FinCEN report: HSBC shares drop to lowest level since 1995

Andrew Cummings
September 21, 2020

A cache of over 2,000 suspicious activity reports (SARs) was filed with the authorities by banks who suspected wrongdoing; it reportedly contains allegations that a number of top United Kingdom lenders allowed dirty money into their accounts.

HSBC and StanChart shares touched their lowest level in as much as 25 years, although they fared little worse than their peers amid a wider selloff in global stocks.

These transactions were processed via three US-based banks, which filed suspicious activity reports with FinCEN, namely The Bank of New York Mellon Corp (14 transactions, sent US$10,100, received US$4.76 million), Standard Chartered Plc (seven transactions, sent US$13.37 million), and JP Morgan Chase & Co (two transactions, received US$121,185).

The investigation, which was led by 108 worldwide media outlets from 88 different countries, is based on thousands of suspicious activity reports (SAR) submitted to the US Treasury Department's financial law enforcement agency, FinCEN, by banks from around the world.

Now the banks are trying to come out clean as HSBC told Reuters that all the data in the documents are "historical" and the bank has "embarked on a multi-year journey to overhaul its ability to combat financial crime across more than 60 jurisdictions".

The SARs contained in the leak suggest that $2 trillion (£1.5 trillion) worth of potentially fraudulent transactions could have been conducted between 1999 and 2007. The private bank was allegedly involved in most of the suspicious transactions, ICIJ report shows.

"This brings out the point that managing financial crime risk goes beyond making SARs", said Etelka Bogardi, a Hong Kong-based financial services partner at Norton Rose Fulbright.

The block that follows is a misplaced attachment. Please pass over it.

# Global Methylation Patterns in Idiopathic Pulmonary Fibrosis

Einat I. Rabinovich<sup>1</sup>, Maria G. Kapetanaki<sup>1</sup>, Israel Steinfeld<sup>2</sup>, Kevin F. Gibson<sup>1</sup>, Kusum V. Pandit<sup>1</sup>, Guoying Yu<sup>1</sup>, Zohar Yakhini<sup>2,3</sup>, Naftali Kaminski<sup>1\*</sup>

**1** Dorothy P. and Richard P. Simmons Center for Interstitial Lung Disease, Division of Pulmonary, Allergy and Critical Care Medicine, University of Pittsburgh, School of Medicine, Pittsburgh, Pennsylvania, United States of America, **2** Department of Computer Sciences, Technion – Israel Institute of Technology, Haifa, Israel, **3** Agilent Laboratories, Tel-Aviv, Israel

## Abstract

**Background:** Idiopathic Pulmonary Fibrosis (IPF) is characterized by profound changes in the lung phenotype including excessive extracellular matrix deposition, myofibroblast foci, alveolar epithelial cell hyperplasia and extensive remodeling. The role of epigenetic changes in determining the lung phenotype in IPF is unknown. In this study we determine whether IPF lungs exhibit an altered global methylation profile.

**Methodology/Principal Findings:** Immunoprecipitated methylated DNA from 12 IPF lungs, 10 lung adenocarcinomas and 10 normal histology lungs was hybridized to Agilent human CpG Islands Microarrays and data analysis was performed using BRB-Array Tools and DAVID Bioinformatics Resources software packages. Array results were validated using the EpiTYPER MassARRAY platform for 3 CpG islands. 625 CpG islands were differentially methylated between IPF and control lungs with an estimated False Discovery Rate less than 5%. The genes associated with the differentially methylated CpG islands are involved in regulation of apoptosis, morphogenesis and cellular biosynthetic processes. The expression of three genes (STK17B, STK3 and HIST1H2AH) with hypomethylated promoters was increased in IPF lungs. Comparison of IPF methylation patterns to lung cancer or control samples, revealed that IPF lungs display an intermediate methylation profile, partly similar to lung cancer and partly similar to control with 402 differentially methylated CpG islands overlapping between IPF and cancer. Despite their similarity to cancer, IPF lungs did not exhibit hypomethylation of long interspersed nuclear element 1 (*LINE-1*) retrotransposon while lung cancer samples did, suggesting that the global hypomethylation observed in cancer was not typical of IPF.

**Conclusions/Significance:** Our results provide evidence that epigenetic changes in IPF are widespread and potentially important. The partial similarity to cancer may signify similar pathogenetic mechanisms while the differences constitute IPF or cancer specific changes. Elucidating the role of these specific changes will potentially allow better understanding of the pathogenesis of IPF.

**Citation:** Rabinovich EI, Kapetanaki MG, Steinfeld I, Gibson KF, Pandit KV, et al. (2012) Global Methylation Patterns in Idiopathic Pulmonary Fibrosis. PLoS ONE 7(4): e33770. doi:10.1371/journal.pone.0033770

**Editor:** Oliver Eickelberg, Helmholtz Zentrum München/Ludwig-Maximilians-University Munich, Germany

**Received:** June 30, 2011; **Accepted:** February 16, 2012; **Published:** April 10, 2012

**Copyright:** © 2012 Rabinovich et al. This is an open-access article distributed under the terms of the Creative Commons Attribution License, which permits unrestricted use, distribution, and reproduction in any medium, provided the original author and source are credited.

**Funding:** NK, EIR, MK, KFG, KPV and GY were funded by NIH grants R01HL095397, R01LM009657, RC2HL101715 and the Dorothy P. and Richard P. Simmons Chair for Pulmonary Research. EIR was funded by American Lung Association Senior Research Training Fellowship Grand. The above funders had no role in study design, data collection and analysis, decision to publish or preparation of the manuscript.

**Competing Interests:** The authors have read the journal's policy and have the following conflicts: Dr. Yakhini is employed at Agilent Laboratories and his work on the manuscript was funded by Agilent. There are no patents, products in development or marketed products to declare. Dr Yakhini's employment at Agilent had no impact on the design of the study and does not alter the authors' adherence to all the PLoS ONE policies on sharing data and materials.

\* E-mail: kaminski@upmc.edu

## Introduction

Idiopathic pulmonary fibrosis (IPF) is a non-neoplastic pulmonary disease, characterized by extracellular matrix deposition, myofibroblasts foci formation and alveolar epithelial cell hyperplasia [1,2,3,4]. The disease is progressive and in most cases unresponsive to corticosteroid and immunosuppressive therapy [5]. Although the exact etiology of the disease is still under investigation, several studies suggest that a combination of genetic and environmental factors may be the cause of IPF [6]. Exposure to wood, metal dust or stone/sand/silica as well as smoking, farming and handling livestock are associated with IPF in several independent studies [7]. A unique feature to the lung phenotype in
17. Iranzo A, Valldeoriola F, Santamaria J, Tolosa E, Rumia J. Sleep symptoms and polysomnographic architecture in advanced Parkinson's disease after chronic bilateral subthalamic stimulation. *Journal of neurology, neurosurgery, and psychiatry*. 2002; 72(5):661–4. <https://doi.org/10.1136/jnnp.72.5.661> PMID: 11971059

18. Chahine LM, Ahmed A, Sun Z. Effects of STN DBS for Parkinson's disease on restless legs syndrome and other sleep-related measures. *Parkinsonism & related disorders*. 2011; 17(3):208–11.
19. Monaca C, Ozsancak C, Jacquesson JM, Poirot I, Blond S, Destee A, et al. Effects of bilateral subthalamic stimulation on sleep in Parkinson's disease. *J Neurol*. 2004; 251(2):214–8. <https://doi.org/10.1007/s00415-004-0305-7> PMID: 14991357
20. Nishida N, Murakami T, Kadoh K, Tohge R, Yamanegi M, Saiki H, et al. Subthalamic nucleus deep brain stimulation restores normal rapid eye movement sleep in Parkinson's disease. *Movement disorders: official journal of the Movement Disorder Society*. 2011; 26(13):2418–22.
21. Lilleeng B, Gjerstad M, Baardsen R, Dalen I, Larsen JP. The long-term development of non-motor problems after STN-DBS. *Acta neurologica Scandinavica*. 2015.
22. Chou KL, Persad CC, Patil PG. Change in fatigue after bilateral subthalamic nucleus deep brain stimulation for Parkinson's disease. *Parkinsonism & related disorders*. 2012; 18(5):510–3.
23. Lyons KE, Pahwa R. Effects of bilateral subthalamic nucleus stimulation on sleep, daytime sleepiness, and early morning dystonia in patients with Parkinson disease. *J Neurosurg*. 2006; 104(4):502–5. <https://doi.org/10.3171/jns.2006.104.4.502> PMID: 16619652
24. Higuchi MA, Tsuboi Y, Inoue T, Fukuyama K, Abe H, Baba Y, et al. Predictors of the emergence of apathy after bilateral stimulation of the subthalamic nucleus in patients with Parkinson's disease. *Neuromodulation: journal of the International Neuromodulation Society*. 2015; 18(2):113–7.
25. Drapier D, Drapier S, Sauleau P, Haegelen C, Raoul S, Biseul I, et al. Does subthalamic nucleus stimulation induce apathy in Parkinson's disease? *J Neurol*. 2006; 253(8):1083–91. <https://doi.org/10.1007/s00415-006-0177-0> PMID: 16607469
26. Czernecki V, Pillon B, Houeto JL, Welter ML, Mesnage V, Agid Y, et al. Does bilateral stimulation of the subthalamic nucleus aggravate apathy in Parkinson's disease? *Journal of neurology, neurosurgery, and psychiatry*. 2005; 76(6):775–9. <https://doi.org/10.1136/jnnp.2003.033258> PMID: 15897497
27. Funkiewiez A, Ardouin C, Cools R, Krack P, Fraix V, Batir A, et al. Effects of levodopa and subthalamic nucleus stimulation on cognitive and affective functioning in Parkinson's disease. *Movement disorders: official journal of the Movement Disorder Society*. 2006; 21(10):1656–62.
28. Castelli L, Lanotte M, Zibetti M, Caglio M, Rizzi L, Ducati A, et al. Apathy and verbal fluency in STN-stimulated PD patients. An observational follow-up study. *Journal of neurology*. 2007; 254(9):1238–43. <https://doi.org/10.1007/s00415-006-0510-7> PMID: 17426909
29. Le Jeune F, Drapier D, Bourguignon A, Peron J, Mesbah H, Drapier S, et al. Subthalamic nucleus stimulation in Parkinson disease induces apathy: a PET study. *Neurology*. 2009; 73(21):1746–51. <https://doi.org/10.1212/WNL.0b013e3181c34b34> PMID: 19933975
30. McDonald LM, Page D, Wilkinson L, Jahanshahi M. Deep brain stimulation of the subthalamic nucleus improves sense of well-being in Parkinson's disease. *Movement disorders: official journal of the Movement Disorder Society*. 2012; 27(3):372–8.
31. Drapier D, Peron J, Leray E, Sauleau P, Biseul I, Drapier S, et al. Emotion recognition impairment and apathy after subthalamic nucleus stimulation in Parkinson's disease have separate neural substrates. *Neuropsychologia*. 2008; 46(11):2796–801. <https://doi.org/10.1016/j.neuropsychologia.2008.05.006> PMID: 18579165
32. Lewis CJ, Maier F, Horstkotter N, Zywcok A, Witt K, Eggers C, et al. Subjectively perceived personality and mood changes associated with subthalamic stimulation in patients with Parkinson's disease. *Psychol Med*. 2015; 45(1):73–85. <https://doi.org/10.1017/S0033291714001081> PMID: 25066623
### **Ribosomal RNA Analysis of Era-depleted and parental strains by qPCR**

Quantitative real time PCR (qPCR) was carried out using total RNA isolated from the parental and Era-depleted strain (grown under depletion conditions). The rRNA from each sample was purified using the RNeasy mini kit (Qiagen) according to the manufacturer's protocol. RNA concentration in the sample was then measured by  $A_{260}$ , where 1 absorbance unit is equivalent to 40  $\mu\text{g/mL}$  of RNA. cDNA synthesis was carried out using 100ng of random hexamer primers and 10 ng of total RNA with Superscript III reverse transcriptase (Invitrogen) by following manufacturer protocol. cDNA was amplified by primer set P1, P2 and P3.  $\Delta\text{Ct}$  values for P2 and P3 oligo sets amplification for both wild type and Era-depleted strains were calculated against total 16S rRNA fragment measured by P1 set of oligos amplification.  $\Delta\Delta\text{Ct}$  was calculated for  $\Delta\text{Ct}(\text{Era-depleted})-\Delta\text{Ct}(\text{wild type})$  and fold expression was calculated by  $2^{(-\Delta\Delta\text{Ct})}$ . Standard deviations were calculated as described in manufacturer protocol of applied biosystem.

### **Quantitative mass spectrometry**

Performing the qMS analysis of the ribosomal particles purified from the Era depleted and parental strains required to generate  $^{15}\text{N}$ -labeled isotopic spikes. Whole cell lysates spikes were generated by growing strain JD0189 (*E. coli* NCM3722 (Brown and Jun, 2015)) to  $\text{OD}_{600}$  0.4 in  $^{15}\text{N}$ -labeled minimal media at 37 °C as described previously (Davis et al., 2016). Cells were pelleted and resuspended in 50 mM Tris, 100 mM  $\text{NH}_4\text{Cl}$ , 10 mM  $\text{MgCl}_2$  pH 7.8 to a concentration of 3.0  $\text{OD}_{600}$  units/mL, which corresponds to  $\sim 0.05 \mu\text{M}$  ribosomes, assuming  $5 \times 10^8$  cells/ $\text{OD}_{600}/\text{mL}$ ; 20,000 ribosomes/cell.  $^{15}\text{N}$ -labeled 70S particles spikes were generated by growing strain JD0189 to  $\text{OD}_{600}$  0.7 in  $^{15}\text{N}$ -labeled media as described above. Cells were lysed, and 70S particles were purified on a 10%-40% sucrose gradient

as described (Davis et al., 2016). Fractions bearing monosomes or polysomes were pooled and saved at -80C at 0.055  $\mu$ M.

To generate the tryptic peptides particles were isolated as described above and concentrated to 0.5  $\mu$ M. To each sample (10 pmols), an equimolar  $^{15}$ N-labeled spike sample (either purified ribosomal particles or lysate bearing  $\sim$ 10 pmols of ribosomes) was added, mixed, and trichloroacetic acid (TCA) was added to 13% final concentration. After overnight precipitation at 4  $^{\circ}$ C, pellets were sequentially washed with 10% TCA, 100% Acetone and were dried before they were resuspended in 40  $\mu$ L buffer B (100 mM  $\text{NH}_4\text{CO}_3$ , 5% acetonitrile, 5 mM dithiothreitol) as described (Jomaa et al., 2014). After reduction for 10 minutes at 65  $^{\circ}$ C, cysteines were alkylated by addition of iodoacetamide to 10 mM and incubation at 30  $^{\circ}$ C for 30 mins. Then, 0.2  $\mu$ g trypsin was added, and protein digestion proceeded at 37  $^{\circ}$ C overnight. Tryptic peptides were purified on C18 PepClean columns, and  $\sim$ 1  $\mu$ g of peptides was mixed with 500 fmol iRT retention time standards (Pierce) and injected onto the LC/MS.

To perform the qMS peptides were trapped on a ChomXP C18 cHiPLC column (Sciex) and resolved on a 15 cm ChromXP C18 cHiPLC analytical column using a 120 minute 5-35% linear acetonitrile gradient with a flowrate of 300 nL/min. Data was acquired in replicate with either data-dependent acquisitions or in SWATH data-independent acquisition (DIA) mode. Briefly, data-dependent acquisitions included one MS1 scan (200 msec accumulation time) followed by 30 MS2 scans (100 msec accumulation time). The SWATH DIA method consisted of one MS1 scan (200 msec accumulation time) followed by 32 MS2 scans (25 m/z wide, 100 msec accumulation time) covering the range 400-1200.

Investors dumped bank stocks on Monday after a report said nearly all Indian banks were involved in a number of suspicious transactions between 2010 and 2017.

"[The] extent that information referenced by the ICIJ is derived from SARs, it should be noted that this is information that is pro-actively identified and submitted by banks to governments pursuant to the law", Deutsche Bank said in a statement.

Staff at major banks often used Google searches to learn who was behind large transactions, it said.

The International Consortium of Investigative Journalists cited leaked official USA documents that said the bank "kept profiting from powerful and unsafe players" in the past two decades.

Global banks in the recent years have boosted investments on technology and staff to deal with tighter anti-money laundering and sanctions regulatory requirements across the world.

In a statement released prior to the investigation's publication, FinCEN said that the "unauthorized disclosure of SARs is a crime that can impact the national security of the United States".

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